I started working again so I'm getting back into the swing of things this week. Luckily, it's a part-time Virtual Assistant job that I found on oDesk. So far, I'm really enjoying it because during my alone hours I can get a little work done (thus feeling accomplished and financially viable), whip up some sort of homemade dish (satisfying my need to 'homemake'), and stay in my pajamas as long as I want. It also cuts down on the amount of free time that I have to secretly indulge in my worst habit - reading wedding blogs. ugh. Why do I torture myself so?
It's also nice because I can turn off work whenever I need/want to. And I can still make dollars (though far fewer). So yay for a job that I feel comfortable with! And on to the food...
We had a crazy summer storm here the other day - it hailed! (I know you can't really tell from this shaky pic, but those are hail stones next to my rosemary.)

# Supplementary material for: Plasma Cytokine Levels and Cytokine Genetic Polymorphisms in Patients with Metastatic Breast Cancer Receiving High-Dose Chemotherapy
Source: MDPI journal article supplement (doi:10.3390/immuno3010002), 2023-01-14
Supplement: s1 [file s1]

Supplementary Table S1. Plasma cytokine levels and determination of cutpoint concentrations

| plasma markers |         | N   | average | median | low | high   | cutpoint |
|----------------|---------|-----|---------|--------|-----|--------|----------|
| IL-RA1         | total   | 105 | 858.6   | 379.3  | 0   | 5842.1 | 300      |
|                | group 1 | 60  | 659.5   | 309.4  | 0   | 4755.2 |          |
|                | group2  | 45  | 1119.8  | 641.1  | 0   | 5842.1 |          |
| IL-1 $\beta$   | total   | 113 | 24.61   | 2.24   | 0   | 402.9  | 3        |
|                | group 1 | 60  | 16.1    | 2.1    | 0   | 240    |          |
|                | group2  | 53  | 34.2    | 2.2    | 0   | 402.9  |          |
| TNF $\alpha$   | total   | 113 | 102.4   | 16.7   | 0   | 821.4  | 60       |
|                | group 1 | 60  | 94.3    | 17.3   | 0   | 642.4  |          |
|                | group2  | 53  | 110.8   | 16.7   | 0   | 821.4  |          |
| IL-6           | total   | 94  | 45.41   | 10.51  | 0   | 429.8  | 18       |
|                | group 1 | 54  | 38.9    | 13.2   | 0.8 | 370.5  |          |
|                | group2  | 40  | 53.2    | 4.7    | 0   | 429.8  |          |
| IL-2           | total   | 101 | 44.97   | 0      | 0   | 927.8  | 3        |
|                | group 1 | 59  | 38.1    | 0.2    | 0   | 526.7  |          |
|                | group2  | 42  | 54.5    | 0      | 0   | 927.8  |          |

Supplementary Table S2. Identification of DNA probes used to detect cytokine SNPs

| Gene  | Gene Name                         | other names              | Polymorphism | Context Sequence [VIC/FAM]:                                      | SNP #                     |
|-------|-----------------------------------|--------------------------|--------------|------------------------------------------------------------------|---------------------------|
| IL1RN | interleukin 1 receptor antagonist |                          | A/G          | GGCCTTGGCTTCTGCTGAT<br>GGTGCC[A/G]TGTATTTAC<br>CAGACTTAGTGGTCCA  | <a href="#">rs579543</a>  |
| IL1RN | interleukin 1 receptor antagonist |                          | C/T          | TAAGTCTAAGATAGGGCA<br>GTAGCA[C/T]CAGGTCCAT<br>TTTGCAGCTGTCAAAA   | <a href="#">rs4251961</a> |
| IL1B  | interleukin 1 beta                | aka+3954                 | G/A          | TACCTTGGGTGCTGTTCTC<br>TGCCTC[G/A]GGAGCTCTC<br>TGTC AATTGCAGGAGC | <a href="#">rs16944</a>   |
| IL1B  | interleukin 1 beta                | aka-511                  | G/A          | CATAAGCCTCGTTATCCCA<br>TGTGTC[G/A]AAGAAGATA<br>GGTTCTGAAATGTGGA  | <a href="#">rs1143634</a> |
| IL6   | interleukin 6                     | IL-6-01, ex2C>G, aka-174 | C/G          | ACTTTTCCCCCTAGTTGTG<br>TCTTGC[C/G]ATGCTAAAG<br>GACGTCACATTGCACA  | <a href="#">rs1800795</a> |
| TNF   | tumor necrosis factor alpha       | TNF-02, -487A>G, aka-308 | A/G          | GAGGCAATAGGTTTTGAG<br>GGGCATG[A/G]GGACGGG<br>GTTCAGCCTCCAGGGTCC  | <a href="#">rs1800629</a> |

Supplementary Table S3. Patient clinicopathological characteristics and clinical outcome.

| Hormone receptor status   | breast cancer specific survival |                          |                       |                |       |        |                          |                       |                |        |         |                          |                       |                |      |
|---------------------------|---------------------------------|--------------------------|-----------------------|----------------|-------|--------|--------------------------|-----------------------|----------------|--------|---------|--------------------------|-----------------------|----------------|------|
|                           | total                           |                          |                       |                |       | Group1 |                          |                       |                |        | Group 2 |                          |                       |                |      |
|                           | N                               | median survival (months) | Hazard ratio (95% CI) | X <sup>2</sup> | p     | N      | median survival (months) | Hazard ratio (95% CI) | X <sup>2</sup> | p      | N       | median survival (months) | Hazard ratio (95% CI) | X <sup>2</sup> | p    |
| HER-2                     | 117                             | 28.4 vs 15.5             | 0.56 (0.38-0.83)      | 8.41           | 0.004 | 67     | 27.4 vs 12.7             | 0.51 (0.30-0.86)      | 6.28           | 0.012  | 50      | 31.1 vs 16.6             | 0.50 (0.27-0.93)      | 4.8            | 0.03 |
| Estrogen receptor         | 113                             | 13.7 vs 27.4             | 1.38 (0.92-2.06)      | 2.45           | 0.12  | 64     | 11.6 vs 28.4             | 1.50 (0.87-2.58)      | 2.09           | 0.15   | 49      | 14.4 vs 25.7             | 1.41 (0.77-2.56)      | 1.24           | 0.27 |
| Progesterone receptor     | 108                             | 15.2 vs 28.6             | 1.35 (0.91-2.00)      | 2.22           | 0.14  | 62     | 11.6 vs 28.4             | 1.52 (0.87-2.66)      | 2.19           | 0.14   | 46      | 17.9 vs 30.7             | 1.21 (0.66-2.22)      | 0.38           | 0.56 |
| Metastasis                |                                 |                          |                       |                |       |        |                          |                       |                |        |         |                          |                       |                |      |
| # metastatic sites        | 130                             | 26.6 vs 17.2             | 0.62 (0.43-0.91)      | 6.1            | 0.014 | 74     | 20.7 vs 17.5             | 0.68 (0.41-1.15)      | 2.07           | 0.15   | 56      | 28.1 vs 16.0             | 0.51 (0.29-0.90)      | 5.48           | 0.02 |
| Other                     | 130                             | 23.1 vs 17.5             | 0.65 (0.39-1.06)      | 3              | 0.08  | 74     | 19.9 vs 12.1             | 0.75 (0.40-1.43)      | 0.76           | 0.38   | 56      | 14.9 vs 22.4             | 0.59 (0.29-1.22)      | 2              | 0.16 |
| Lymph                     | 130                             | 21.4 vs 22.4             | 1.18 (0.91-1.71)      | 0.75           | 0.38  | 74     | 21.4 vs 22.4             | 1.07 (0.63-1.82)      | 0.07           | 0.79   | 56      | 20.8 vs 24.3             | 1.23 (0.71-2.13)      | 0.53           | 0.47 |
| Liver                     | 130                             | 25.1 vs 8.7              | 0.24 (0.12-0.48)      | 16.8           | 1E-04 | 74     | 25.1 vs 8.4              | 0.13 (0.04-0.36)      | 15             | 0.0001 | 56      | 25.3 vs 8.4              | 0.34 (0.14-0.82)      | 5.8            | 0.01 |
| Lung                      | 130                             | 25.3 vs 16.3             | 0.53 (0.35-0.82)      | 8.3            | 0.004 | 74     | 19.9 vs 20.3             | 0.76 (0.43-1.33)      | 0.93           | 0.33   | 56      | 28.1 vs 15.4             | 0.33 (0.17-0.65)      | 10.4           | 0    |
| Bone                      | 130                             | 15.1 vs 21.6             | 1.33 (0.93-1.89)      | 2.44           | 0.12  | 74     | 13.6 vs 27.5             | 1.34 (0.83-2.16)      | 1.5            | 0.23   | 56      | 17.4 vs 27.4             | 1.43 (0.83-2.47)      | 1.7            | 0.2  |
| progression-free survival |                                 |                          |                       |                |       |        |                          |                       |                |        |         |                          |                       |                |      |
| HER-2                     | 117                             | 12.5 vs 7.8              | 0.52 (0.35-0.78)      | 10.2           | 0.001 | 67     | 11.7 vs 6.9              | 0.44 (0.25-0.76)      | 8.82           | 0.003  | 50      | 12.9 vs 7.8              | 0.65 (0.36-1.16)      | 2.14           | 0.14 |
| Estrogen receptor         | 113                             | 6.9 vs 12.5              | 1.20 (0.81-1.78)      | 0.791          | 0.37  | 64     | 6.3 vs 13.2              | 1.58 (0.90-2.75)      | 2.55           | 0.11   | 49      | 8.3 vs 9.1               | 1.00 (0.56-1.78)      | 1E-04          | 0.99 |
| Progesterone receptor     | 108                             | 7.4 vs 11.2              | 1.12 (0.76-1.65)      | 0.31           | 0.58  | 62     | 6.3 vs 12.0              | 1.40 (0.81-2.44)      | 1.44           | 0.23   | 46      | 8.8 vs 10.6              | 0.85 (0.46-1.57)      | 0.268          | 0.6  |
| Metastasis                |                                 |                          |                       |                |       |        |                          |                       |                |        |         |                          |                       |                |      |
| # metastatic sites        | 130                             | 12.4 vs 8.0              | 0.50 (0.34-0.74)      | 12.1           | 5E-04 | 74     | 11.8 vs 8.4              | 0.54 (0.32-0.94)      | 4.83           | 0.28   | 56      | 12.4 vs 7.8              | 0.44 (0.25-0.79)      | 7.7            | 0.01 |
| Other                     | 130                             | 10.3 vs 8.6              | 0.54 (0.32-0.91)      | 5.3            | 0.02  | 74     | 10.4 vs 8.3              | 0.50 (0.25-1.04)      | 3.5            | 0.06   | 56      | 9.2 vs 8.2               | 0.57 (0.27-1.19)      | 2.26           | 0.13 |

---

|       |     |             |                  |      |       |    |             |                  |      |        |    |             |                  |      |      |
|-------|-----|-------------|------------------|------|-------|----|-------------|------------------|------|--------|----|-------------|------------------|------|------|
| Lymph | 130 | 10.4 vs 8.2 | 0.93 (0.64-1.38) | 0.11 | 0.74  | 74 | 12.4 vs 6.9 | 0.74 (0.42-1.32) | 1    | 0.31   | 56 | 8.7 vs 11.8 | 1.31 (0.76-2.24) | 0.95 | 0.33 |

And this lightning was non-stop.
Watching the storm was like gawking at a train wreck, we just couldn't look away. And so instead of cooking, we grabbed a bottle of beer, peanuts and sandwich makings, along with this tofu peso, and starred out the window. The recipe that I used as a guide calls for a pound of tofu, but I had about 300 grams so the measurements below reflect my adjustments. Nothing needs to be exact, though; it's an easy-going dish.
Almond Basil Pesto
- 1/2 c. - 3/4 c. fresh basil (that's all I had)
- 1/4 c. almonds, roughly chopped
- 1 large garlic clove, briefly sauted (I prefer the cooked flavor to raw garlic, but it's up to you)
- 3 T. Parmesan (or Reggianito) cheese, grated
- Dash of S & P
- 2 - 3 T. EVOO (I hope Rachel Ray didn't trademark this)
- 1 small onion, chopped
- 1 T EVOO
- 300 g. tofu, patted dry
- 1 small tomato, chopped
- S & P to taste
This would make a delicious version of bruschetta. We started eating it on top of crackers until we stopped ourselves and made it more dinner-like by crafting open face sandwiches. It was delish served along with beer and peanuts but you could definitely fancy this up.